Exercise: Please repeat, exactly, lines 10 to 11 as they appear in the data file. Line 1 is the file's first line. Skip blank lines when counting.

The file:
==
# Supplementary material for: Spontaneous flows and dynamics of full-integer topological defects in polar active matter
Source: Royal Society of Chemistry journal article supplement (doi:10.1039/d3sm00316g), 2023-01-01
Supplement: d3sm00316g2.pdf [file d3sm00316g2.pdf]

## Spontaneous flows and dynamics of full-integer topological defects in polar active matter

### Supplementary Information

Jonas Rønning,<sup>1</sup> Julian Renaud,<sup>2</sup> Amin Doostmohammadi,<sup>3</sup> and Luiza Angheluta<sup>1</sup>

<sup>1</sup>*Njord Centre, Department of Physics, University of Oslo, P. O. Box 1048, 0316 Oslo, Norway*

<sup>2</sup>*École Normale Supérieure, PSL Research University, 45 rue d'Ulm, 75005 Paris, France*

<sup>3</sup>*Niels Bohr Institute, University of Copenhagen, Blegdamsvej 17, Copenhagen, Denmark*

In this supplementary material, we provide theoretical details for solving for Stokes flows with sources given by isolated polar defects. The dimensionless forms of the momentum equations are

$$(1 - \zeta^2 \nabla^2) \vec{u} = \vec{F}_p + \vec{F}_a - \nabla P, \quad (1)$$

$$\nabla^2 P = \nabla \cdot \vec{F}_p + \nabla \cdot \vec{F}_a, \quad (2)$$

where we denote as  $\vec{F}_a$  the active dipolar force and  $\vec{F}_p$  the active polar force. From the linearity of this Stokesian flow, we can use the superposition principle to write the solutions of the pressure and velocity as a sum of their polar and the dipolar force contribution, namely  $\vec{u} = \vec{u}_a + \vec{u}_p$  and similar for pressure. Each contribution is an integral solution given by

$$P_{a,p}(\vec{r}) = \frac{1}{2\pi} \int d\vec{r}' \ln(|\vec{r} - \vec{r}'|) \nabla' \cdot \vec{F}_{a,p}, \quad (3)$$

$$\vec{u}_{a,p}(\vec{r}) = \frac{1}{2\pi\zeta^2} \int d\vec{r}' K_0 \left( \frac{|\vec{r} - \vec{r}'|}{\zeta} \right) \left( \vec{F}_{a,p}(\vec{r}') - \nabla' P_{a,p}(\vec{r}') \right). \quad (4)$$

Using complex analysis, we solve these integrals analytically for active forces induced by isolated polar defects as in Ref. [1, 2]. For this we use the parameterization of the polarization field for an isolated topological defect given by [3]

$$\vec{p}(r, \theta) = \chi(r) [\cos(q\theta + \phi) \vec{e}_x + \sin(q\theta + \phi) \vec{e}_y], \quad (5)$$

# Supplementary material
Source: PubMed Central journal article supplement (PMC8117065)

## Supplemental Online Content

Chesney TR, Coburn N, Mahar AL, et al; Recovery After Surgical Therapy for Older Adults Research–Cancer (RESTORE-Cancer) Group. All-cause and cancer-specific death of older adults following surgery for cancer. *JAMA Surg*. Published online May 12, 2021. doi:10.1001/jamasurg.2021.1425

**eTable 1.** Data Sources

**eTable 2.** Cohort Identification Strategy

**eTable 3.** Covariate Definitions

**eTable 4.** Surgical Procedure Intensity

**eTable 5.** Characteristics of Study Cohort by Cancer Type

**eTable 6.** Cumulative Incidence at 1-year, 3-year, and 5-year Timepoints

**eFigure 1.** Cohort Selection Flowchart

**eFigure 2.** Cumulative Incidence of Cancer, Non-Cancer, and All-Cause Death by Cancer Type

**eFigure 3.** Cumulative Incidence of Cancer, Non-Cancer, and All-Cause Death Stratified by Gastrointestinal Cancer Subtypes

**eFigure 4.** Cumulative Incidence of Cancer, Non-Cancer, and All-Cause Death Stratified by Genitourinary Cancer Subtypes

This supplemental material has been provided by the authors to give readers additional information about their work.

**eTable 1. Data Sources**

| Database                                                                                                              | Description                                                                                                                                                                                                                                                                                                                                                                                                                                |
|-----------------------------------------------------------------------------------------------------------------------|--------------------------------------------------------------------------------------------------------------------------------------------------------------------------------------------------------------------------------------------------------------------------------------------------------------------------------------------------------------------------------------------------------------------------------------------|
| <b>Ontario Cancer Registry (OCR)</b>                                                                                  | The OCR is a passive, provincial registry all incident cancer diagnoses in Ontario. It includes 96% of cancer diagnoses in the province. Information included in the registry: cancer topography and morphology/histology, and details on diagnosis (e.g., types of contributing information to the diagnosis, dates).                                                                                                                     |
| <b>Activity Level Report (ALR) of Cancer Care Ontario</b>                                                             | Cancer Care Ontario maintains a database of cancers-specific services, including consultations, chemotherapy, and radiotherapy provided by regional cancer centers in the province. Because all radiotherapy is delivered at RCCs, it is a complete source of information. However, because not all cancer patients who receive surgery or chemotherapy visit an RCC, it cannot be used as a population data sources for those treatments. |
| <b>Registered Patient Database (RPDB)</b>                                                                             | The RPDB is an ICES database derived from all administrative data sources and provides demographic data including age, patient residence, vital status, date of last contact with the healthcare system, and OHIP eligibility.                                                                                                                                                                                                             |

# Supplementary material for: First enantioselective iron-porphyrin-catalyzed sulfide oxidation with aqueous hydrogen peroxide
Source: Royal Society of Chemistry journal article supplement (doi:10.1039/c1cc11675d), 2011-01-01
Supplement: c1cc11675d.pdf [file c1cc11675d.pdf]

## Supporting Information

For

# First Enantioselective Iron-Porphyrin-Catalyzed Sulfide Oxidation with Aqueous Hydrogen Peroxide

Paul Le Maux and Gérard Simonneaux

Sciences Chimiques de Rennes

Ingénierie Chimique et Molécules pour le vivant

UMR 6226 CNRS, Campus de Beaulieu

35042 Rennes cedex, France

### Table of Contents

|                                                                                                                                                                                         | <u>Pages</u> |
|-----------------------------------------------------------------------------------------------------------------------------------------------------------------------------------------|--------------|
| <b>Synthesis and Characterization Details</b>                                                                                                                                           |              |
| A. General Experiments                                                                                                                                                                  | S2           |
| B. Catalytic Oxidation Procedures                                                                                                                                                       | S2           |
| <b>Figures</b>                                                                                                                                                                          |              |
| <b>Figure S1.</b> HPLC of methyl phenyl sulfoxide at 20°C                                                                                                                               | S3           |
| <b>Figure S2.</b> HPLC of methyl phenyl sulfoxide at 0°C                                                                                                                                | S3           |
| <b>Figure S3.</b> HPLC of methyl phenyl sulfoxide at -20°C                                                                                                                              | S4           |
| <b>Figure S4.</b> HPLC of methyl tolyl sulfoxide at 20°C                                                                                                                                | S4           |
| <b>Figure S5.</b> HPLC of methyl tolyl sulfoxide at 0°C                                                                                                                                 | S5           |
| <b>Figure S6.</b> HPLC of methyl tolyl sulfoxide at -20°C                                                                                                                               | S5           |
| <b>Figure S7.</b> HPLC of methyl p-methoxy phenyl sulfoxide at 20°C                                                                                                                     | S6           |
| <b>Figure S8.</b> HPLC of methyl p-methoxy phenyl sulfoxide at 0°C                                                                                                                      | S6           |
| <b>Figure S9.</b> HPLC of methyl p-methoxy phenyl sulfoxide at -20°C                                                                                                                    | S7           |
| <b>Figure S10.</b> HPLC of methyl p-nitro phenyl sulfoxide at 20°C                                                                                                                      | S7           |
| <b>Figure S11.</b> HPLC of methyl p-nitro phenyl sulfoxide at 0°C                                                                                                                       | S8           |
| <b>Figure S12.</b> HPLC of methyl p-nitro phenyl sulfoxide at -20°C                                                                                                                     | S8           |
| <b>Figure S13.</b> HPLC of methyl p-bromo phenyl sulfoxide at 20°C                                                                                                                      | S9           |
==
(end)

In this supplementary material, we provide theoretical details for solving for Stokes flows with sources given by isolated polar defects. The dimensionless forms of the momentum equations are

$$(1 - \zeta^2 \nabla^2) \vec{u} = \vec{F}_p + \vec{F}_a - \nabla P, \quad (1)$$